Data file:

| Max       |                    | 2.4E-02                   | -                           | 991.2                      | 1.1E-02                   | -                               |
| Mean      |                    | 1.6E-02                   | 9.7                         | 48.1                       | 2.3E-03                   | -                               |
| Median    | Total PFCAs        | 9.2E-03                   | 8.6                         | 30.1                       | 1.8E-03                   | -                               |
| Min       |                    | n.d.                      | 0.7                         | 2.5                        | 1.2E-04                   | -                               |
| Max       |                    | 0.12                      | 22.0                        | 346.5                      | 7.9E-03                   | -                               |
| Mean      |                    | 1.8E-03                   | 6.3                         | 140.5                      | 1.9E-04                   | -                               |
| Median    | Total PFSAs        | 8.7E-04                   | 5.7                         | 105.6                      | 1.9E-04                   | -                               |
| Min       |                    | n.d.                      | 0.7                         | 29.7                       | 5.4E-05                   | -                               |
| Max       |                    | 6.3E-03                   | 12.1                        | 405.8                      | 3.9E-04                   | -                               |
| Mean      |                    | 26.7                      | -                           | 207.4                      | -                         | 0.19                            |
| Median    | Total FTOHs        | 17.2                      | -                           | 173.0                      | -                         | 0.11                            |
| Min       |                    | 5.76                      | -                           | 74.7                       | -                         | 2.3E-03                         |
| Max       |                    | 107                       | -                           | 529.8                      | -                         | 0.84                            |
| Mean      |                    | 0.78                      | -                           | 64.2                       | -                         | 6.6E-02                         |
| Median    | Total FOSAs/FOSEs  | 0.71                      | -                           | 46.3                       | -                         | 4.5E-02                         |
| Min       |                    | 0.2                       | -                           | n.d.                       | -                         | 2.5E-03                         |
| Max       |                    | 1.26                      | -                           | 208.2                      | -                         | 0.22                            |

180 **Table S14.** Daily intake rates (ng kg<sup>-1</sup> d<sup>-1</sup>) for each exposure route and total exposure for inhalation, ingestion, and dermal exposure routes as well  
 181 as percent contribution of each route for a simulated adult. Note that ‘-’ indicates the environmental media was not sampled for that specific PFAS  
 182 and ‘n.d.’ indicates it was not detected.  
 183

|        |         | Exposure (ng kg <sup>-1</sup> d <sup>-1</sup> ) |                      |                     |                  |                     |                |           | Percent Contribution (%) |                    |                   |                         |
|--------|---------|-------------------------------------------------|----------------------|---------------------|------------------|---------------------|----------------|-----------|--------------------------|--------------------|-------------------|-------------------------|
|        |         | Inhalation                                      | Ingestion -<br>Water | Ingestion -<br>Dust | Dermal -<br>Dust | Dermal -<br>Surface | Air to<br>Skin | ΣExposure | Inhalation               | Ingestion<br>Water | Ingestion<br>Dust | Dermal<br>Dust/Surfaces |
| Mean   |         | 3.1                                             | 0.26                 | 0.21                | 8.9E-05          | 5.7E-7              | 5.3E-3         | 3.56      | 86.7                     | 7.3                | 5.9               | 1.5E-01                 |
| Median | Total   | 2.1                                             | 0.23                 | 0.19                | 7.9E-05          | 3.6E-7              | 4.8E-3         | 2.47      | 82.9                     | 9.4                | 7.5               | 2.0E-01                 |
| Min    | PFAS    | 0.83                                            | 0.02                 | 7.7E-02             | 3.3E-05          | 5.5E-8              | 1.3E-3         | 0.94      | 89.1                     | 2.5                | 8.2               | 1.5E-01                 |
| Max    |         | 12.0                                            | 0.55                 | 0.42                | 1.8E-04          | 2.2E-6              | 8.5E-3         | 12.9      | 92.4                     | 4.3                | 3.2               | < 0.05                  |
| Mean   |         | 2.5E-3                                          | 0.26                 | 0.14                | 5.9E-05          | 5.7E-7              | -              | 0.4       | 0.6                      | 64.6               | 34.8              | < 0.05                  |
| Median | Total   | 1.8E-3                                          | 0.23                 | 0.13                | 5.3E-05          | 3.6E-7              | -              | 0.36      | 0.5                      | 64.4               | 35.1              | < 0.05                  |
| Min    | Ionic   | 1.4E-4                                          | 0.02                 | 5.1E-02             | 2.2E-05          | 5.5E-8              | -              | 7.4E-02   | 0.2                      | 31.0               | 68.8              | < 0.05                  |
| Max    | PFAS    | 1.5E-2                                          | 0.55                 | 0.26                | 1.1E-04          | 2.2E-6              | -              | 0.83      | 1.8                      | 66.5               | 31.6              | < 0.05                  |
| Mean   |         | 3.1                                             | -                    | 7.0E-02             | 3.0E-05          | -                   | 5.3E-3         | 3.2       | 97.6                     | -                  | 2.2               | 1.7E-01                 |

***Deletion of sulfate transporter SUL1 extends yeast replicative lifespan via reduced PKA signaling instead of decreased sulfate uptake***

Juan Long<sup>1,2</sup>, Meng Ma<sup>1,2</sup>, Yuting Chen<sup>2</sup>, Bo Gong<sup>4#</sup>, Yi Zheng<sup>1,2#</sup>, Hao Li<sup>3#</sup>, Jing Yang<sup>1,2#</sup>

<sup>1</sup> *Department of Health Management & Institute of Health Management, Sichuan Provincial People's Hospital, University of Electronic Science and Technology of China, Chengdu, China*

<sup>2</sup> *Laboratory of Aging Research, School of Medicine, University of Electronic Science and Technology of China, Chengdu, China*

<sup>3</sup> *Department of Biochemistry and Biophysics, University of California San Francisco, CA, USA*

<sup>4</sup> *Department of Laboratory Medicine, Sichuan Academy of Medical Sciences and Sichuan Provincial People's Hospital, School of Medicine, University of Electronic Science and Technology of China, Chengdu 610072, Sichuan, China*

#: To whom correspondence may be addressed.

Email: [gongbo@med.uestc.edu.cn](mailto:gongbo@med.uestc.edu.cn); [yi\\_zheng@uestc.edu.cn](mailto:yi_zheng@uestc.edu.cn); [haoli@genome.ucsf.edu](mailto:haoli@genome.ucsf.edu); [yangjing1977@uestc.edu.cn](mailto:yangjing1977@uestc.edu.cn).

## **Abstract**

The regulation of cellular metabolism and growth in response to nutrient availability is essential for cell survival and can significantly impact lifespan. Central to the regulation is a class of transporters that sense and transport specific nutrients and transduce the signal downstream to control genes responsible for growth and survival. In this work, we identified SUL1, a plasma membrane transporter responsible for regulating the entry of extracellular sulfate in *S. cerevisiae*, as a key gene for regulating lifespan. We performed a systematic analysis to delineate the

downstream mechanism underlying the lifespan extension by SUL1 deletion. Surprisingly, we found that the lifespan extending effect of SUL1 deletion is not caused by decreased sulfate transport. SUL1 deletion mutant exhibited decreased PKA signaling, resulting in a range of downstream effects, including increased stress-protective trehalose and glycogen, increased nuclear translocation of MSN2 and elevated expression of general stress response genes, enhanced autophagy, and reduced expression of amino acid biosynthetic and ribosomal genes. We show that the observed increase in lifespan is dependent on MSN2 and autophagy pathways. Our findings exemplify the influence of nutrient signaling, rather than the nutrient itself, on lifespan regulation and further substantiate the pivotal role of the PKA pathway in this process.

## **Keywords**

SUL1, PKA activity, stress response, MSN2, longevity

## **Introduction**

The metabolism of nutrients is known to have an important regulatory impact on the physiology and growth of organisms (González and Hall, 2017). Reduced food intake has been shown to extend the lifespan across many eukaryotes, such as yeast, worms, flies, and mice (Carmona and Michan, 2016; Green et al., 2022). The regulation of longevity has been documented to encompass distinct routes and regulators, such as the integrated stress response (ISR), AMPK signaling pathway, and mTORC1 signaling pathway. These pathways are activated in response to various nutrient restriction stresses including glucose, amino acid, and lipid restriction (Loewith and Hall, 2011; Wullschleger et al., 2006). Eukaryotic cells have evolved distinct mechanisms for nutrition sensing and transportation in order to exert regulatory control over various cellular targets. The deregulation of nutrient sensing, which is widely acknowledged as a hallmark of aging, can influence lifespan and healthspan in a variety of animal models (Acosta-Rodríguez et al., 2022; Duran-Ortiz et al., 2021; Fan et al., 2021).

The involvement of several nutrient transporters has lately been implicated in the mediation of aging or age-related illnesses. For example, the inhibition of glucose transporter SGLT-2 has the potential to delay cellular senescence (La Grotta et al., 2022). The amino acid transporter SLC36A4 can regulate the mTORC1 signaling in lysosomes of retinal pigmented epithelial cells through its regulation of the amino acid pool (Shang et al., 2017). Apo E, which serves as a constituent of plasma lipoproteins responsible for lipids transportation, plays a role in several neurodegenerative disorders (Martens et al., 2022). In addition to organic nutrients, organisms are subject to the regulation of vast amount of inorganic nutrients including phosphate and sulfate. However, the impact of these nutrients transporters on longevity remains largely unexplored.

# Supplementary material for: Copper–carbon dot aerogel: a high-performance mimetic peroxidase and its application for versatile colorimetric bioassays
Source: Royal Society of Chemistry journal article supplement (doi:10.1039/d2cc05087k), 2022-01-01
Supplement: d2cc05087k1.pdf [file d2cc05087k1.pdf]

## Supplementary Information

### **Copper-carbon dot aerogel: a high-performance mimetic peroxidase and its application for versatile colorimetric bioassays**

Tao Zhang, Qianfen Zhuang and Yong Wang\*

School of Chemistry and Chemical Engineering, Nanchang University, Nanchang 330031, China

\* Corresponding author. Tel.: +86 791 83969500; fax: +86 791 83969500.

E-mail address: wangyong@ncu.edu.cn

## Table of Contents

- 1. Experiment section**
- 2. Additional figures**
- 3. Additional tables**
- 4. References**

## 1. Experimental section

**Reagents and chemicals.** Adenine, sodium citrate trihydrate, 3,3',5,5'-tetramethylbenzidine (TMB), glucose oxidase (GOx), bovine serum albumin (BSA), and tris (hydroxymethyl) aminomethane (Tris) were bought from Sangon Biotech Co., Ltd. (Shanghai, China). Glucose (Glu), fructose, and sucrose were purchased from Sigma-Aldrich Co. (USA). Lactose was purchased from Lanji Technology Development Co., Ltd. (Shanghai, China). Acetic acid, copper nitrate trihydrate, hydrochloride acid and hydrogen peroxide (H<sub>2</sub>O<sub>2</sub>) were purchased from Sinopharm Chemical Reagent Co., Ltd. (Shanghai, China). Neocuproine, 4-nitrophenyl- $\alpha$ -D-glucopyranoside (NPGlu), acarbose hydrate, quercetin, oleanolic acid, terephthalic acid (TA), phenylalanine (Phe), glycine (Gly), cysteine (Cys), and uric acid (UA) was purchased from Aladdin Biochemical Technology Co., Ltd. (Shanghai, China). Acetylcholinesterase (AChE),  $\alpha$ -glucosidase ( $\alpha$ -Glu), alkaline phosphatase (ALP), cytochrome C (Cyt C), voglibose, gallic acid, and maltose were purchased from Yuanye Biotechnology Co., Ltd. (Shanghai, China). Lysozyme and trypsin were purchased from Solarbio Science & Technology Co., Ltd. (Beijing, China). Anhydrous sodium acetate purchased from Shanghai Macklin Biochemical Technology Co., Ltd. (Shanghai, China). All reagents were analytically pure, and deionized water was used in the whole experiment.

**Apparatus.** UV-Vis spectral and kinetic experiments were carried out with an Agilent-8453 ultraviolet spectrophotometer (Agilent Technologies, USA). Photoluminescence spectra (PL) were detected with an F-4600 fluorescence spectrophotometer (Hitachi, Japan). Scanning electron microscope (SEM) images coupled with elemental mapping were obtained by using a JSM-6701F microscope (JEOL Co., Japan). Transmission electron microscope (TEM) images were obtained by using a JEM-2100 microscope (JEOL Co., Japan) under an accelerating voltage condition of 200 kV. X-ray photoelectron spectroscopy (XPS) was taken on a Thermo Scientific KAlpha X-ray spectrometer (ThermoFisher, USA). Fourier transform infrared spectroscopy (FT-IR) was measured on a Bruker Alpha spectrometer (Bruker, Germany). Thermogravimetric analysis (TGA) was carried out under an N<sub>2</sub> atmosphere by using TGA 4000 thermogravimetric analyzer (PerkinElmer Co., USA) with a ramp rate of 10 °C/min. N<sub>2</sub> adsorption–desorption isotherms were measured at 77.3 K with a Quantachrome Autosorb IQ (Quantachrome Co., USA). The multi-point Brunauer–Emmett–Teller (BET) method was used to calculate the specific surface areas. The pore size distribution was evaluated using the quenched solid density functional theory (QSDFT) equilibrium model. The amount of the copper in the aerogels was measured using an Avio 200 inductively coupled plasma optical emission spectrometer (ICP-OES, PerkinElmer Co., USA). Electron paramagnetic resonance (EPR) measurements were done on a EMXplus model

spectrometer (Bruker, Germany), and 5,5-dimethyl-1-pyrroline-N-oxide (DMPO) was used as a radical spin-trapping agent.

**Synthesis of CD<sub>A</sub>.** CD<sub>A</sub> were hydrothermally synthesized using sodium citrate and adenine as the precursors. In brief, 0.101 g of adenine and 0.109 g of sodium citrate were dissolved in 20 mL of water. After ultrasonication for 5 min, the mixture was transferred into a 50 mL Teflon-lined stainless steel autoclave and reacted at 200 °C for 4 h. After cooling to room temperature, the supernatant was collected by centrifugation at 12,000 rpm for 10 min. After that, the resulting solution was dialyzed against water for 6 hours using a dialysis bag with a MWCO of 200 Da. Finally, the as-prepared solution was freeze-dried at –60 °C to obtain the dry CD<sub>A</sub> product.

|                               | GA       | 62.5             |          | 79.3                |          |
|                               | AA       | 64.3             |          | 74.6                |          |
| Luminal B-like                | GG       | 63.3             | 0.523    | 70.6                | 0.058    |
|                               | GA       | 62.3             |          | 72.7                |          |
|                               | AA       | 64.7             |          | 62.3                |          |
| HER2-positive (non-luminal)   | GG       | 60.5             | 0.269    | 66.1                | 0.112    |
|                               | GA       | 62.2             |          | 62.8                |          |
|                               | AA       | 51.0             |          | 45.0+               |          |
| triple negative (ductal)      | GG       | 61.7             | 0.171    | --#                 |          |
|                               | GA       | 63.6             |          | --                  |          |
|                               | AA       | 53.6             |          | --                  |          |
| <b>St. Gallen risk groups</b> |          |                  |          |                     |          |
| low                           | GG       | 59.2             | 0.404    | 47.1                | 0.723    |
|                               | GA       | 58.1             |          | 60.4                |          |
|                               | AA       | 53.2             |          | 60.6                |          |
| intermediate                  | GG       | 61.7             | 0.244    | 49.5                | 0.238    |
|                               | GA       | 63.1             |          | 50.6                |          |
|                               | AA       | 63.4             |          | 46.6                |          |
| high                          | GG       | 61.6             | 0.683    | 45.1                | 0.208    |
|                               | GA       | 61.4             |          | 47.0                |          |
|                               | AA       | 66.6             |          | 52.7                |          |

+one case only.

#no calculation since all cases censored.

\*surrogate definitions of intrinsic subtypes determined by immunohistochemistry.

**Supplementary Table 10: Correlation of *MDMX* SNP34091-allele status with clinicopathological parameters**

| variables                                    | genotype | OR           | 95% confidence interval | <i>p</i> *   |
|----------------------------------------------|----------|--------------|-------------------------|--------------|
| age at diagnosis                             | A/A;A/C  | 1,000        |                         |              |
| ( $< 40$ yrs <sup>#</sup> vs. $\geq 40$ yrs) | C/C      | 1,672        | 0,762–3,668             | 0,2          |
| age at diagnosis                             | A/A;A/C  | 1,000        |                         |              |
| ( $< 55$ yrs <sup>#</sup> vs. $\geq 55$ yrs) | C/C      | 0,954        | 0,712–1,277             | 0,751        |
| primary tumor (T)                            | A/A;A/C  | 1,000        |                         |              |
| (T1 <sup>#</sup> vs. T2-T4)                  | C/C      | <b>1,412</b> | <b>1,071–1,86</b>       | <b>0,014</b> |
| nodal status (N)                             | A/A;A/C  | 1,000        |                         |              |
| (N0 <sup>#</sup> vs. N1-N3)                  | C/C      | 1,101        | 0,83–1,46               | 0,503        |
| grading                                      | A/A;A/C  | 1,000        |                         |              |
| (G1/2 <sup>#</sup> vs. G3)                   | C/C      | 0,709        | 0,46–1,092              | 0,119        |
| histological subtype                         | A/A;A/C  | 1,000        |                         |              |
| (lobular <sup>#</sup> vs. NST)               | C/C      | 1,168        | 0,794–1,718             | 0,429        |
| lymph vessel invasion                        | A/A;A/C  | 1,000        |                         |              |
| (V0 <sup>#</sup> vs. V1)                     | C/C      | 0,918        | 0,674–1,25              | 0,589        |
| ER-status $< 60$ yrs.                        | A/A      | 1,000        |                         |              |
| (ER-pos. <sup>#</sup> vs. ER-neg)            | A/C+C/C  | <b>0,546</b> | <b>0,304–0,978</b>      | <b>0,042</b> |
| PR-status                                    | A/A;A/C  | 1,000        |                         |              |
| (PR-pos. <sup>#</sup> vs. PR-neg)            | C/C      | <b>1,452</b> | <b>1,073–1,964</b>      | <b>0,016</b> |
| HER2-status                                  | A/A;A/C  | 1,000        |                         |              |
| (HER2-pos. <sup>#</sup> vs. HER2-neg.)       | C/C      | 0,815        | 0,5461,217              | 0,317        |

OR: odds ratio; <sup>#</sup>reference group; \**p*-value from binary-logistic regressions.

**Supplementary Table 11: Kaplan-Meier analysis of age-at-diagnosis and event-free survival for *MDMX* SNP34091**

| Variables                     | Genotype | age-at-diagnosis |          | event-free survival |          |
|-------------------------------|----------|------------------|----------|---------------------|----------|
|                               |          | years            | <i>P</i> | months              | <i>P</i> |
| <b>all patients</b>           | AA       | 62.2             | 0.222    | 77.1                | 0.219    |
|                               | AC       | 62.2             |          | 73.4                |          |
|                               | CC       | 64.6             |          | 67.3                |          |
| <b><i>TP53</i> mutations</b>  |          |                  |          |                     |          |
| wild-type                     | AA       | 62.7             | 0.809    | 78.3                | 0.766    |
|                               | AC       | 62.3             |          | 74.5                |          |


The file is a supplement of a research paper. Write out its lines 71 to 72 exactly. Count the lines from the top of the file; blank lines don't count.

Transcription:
| Luminal B-like                | GG       | 63.3             | 0.523    | 70.6                | 0.058    |
|                               | GA       | 62.3             |          | 72.7                |          |